How Google Maps is changing the face of data

Already incredibly useful for helping us get directions, find the nearest grocery store and find out our state capital, Google (s goog) Maps is now becoming the hot way to display enterprise or organizational data that’s associated with particular places. As a data visualization method, the timing of this trend isn’t surprising. The concept of big data has opened organizations’ eyes to the value of their myriad data sources — many of which are tagged with geo-location information — and now is opening up new ways to process and display that data.

IBM’s (s ibm) Jeff Jonas described the importance of geospatial data at our Structure: Data conference in March, calling it “prediction super-food.” You can watch the video below to get the full (and rather entertaining) explanation, but here’s a summation: geospatial, or space-time, data adds context to the information we already have, allowing us to make better decisions. Using a puzzle analogy, lots of data without context is like a pile of puzzle pieces, but lots of data with context is like those same puzzle pieces coming together to complete the picture.

Geospatial adds an incredible amount of context. It allows for complex tasks such as tracking of people as they go about their business to help determine who’s connected to whom, or predicting where someone might go next and what’s the best route to get there. If we’re talking about a spreading disease, Jonas explained, geospatial data helps us determine its vector and velocity.

This is where Google Maps comes in, because it presents an intuitive way to visualize and consume that data. You’re not just looking at times, places and other information in text form, but you’re seeing it in relation to time and space.

Last week, for example, I covered the aptly named Space-Time Insight, whose product overlays real-time data atop Google Maps (among other interfaces). It lets customers visualize what’s happening and then act accordingly based on whatever their needs happen to be. California ISO, for example, uses Space-Time to see where wildfires are burning and determine where they’ll travel next, as well as to monitor energy prices and conditions in numerous locations and adjust the grid supply accordingly.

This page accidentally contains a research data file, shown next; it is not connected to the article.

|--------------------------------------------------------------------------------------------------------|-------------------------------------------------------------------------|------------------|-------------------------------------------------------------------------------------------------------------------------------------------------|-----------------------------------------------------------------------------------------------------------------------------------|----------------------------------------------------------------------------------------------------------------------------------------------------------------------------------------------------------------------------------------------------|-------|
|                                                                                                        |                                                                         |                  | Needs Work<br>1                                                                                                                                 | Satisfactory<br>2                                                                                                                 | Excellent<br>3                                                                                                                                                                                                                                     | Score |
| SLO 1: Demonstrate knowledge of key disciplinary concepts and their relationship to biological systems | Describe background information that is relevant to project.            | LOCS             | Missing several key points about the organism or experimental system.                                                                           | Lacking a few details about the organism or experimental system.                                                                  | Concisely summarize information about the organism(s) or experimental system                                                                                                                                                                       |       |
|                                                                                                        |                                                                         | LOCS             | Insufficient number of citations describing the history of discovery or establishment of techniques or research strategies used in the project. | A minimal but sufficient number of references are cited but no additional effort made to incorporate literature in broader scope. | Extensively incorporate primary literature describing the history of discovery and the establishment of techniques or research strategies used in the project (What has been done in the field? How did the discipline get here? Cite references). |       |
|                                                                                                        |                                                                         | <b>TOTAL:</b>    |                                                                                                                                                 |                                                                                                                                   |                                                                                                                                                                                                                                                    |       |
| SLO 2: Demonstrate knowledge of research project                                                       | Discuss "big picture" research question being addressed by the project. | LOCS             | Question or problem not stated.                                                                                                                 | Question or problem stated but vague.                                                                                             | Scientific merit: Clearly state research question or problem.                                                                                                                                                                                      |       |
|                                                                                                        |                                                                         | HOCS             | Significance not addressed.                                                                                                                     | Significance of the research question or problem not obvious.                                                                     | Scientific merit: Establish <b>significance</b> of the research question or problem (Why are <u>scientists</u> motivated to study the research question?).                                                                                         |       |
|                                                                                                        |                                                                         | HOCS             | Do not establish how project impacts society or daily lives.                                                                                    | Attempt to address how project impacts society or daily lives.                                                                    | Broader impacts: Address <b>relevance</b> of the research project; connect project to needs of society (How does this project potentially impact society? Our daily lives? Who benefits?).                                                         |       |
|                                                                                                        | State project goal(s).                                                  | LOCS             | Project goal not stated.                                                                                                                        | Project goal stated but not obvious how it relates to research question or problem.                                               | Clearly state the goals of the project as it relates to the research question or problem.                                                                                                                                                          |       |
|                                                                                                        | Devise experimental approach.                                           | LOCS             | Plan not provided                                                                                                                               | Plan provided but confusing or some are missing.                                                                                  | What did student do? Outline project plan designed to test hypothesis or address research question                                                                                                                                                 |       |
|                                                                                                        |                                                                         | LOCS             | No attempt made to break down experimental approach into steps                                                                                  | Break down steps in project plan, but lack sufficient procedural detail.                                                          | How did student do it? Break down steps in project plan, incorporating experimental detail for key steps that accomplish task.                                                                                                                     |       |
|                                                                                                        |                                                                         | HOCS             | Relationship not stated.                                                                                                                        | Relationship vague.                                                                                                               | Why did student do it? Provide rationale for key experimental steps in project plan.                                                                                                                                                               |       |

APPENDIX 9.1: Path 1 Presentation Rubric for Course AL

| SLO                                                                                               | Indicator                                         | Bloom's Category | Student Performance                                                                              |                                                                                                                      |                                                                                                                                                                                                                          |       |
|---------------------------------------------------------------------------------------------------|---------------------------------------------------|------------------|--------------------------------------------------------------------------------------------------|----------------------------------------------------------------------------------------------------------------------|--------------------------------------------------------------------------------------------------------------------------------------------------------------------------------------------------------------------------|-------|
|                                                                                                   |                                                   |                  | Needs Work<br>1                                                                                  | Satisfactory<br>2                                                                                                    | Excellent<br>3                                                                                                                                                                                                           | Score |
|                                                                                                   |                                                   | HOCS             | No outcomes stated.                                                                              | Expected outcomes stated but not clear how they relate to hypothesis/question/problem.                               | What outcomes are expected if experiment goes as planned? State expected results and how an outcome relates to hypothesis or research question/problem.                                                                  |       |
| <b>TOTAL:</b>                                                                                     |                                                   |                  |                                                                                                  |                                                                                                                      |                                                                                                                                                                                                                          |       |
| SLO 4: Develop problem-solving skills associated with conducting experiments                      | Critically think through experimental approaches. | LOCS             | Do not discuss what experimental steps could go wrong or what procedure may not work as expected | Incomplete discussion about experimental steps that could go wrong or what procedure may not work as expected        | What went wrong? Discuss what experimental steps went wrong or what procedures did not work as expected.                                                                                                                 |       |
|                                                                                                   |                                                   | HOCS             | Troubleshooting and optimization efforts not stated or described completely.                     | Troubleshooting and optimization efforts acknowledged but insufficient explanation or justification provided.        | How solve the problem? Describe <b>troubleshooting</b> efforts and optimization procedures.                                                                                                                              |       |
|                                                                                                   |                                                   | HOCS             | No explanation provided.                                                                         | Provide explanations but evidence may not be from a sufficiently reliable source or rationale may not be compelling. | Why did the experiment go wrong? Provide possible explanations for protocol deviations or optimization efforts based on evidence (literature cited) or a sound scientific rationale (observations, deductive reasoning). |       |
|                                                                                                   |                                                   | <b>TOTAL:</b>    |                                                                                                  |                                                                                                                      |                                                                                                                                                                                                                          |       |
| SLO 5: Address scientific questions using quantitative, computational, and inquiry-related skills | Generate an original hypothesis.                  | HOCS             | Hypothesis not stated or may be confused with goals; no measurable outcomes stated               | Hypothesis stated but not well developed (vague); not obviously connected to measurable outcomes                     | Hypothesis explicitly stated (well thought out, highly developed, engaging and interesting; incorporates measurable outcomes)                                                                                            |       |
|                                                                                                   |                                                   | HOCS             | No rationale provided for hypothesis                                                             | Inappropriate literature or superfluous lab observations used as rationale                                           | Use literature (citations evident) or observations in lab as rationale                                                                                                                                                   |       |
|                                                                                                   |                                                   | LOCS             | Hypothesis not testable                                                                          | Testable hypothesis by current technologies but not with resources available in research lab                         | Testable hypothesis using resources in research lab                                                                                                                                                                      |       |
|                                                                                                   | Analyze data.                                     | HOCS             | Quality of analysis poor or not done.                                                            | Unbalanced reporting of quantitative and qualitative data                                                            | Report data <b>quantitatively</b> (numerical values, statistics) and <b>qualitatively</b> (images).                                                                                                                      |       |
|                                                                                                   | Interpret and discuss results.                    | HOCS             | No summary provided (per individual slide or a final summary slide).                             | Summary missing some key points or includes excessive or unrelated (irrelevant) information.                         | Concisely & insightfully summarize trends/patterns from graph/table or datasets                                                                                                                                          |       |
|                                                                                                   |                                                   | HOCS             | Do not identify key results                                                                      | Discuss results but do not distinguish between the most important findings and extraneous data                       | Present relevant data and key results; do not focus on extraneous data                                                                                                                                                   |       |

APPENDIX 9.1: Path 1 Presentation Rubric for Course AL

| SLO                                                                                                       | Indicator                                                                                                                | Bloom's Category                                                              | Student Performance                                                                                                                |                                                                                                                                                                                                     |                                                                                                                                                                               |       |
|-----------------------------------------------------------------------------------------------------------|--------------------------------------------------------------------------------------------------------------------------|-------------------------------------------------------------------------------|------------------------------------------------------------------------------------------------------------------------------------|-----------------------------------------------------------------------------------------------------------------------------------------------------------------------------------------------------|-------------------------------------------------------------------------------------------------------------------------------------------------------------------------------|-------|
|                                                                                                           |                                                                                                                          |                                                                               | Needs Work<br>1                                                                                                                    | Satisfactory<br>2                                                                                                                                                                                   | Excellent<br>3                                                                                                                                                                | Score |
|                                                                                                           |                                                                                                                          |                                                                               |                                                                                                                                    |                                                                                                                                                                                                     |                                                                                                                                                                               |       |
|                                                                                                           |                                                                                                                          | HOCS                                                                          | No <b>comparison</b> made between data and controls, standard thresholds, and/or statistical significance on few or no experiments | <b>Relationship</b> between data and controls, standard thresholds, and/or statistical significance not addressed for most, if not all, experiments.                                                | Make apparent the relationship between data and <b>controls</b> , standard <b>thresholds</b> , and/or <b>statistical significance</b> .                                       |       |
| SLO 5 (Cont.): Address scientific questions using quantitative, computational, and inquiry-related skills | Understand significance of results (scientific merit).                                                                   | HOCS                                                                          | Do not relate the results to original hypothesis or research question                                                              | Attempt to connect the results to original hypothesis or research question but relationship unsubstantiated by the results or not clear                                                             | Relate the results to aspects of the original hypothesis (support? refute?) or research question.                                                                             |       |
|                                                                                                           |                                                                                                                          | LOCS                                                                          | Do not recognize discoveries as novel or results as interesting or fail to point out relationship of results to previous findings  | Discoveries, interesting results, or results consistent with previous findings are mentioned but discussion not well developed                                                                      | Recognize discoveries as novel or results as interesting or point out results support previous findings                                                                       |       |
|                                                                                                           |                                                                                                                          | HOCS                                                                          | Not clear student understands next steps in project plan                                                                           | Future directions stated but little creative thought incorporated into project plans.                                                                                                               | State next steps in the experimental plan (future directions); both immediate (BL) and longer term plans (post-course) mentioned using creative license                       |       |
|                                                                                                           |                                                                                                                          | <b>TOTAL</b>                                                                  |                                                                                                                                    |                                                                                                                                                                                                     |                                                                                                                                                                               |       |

Wednesday, SAP (s sap) announced a similar partnership with Google that lets SAP applications overlay their data on Google Maps. To demonstrate the breadth of possibilities for data-plus-maps mashups, SAP suggested a handful of possible scenarios:

  • A telecom operator could use Google Earth and SAP BusinessObjects Explorer software to perform dropped-call analysis and pinpoint the geo-coordinates of faulty towers.
  • A state department of revenue could overlay household tax information on a map of the state and group it at the county level to track the highest and lowest tax bases.
  • A mortgage bank could perform risk assessment of its mortgage portfolio by overlaying foreclosure and default data with the location of loans on Google Maps.
  • With SAP StreamWork, a team of customer support representatives in a consumer packaged goods company could collaborate and pinpoint the location of consumer complaints within specific geographies and make a decision regarding how to address and prioritize resolutions.
  • A theme park operator could use the Google Maps API Premier and get real-time traffic information on attractions with SAP BusinessObjects solutions to send rerouting messages to customers in order to improve satisfaction rates.
  • U.S. census data could be overlaid on a Google map of the country, grouped by state and drilled down on at the county level.

Something tells me we’re only getting started when it comes to fusing big data, advanced analytics and next-generation displays. The truth is that we’re still a long way from mastering the capture and analysis of big data streams, which arguably are necessary steps before tackling the visualization issue. It’s difficult to even imagine how we — or our machines — will be consuming data 10 years from now considering how far we’ve come in the past few years. But we’re off to a very good start.